You can post the photograph(s) here using imgur (www.imgur.com).
 

Wolfy0507

Distinguished
Sep 28, 2014
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18,510
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PSU: make, model, wattage, age, condition (original to build, new, refurbished, used)?

Go to the following link:

https://www.tomshardware.com/reviews/best-psus,4229.html

Not with the immediate intent that you need to purchase a new PSU.

First read the review get a sense of the what's and why's about selecting a PSU.

Second, use the calculators provided in the link to assess your build's power requirements and compare to the PSU now in place.

Are you able to provide a photograph of your case and indicate the airflow directions?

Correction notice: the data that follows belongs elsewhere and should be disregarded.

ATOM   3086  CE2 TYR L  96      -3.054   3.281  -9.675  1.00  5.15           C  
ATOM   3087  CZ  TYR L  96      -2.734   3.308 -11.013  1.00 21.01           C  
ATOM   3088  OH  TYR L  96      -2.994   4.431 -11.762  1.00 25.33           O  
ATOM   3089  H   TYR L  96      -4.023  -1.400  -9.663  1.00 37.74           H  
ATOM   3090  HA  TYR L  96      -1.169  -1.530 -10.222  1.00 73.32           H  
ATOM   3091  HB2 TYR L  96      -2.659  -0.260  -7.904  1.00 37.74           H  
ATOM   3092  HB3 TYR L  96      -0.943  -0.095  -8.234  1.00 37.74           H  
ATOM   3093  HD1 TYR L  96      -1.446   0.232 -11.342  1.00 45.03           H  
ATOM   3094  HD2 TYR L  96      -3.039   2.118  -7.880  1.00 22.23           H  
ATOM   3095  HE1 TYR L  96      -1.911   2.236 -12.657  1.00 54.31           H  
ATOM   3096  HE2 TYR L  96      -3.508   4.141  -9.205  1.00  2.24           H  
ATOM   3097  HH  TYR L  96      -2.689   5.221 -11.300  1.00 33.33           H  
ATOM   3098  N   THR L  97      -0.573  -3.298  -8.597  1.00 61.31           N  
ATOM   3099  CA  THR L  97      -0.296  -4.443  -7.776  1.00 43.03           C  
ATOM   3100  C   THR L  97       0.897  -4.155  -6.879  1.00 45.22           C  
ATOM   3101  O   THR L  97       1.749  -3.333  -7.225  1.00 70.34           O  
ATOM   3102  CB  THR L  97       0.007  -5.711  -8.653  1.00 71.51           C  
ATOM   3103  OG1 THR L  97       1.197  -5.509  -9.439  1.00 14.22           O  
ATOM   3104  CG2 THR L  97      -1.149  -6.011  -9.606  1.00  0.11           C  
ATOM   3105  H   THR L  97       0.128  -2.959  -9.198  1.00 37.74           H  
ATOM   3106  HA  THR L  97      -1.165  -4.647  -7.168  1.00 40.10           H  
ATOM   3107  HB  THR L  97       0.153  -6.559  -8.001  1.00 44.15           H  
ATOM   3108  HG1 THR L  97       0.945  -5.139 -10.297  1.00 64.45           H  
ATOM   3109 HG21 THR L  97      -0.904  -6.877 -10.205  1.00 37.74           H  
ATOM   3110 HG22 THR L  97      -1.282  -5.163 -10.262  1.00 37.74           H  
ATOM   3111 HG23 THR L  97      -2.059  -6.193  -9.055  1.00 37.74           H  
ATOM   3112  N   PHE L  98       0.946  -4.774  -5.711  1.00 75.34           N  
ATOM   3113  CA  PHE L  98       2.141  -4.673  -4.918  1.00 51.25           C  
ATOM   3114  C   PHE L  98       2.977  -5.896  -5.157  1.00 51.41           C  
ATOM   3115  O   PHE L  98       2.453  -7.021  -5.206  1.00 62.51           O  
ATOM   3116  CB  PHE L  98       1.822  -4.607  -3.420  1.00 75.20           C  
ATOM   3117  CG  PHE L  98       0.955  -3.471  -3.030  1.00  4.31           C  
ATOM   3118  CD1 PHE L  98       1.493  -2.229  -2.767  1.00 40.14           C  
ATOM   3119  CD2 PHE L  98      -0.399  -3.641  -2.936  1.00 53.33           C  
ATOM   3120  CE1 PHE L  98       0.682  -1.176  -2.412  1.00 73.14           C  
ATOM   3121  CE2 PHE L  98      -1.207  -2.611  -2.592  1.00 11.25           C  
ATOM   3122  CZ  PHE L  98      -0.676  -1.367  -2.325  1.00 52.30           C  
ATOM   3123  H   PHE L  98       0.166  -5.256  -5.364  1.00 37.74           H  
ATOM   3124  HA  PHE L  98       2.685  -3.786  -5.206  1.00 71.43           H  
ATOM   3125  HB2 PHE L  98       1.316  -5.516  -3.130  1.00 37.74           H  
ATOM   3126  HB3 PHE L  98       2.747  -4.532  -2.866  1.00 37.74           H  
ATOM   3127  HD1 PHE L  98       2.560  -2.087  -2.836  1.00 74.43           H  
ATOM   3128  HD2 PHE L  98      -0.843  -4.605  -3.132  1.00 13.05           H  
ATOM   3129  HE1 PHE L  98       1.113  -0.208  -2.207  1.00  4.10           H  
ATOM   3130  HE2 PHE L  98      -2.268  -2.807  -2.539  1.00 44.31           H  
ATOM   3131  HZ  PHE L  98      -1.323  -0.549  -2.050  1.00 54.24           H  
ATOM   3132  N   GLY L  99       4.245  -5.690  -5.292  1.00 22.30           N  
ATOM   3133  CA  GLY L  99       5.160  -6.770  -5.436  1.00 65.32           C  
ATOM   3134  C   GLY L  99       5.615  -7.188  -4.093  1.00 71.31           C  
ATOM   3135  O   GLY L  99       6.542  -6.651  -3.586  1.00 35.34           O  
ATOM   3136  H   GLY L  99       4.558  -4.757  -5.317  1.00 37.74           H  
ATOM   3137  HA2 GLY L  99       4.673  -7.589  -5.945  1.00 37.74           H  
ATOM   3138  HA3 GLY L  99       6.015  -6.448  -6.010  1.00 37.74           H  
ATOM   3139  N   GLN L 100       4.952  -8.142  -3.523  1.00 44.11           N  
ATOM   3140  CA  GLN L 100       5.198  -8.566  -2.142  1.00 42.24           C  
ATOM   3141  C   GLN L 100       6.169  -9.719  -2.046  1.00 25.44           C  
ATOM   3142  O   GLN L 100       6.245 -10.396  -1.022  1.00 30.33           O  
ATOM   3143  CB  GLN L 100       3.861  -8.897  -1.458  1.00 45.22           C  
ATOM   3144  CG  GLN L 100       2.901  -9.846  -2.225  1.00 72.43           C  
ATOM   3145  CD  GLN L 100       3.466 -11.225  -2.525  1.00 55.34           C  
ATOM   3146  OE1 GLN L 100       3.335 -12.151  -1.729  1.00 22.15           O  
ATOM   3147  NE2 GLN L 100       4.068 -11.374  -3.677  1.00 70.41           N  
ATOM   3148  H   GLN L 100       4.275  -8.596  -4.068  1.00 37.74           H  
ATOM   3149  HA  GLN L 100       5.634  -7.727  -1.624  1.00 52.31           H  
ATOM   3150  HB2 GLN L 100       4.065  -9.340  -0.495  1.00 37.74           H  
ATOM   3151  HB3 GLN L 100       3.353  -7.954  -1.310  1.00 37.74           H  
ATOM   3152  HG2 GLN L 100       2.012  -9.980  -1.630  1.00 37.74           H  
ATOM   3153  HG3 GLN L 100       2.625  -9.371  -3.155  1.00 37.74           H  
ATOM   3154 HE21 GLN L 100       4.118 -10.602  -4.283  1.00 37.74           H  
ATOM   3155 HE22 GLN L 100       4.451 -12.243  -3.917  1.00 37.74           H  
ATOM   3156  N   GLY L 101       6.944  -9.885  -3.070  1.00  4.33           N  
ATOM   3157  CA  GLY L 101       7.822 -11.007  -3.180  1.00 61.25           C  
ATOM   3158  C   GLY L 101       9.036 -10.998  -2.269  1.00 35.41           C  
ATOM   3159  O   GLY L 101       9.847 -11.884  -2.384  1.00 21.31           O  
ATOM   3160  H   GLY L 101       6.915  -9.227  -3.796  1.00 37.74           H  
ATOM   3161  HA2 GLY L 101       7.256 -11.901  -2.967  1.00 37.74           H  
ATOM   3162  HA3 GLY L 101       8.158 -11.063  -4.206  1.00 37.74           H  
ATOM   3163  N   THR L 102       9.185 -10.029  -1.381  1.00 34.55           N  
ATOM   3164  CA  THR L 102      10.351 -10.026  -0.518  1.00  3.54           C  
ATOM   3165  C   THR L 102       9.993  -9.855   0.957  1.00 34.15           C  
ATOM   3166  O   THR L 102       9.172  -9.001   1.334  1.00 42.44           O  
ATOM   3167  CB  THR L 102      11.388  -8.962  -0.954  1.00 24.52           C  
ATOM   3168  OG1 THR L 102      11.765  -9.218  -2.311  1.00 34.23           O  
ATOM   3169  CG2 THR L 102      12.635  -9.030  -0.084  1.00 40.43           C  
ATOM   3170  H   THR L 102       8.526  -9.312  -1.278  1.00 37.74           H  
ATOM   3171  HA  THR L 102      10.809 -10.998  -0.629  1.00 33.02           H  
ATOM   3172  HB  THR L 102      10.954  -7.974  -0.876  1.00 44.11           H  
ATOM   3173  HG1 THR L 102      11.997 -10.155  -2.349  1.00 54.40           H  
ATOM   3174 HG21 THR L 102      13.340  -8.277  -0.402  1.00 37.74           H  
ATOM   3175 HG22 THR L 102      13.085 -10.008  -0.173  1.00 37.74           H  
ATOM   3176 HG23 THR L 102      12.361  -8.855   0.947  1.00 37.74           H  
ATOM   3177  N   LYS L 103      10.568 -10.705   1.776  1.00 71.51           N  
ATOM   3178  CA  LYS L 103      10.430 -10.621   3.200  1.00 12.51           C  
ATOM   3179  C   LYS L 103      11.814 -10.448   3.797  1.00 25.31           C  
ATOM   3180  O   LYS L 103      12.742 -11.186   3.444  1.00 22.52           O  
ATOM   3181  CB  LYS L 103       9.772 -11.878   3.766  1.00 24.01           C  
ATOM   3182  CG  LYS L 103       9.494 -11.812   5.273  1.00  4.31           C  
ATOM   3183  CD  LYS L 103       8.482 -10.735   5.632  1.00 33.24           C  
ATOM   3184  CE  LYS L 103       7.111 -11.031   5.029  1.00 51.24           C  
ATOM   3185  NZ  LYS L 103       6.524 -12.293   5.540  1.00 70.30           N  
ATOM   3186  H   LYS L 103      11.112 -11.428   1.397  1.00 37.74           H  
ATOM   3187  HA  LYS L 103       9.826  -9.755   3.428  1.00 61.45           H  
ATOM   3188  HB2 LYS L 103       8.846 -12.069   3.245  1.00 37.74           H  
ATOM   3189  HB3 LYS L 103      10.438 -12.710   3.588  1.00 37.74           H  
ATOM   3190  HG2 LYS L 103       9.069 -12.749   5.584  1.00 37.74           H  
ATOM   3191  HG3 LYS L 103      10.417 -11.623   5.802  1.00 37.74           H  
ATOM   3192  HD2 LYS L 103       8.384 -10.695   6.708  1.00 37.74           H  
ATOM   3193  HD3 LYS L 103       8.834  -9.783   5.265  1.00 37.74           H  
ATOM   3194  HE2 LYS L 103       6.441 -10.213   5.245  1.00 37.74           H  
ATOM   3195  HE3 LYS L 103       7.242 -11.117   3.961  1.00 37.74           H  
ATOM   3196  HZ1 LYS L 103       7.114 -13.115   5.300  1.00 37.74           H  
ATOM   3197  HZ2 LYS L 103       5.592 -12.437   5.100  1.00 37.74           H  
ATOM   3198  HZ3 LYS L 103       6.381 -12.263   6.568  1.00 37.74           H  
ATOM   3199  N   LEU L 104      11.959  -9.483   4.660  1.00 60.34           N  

You can post the photograph(s) here using imgur (www.imgur.com).
I bought the ASUS ROG STRIX 1000W Gold PSU the same time I bought everything else, about a week ago. The calculator recommends a 700w PSU. Here is a pic of my case. Lots of room for additional fans. I could put 2 140mm or 3 120mm on the front, but I'm curious how much that would help with the temps.
 

geofelt

Titan
Any cooler needs a good source of fresh air to let it do it's job.
Yes, I would definitely install front intakes.
My preference would be two 140mm fans vs. 3 120's.
140mm fans move more air quietly than smaller fans.
I predict a much better thermal outcome.
It will show up not only in better thermals, but also in higher boost clocks.

As to paste applications, methods and opinions vary.
Results do not differ importantly unless you are seeking overclocking records.
Where was the 5 dot recommended?
Last I checked, Noctua showed just a single small dot of paste in the center.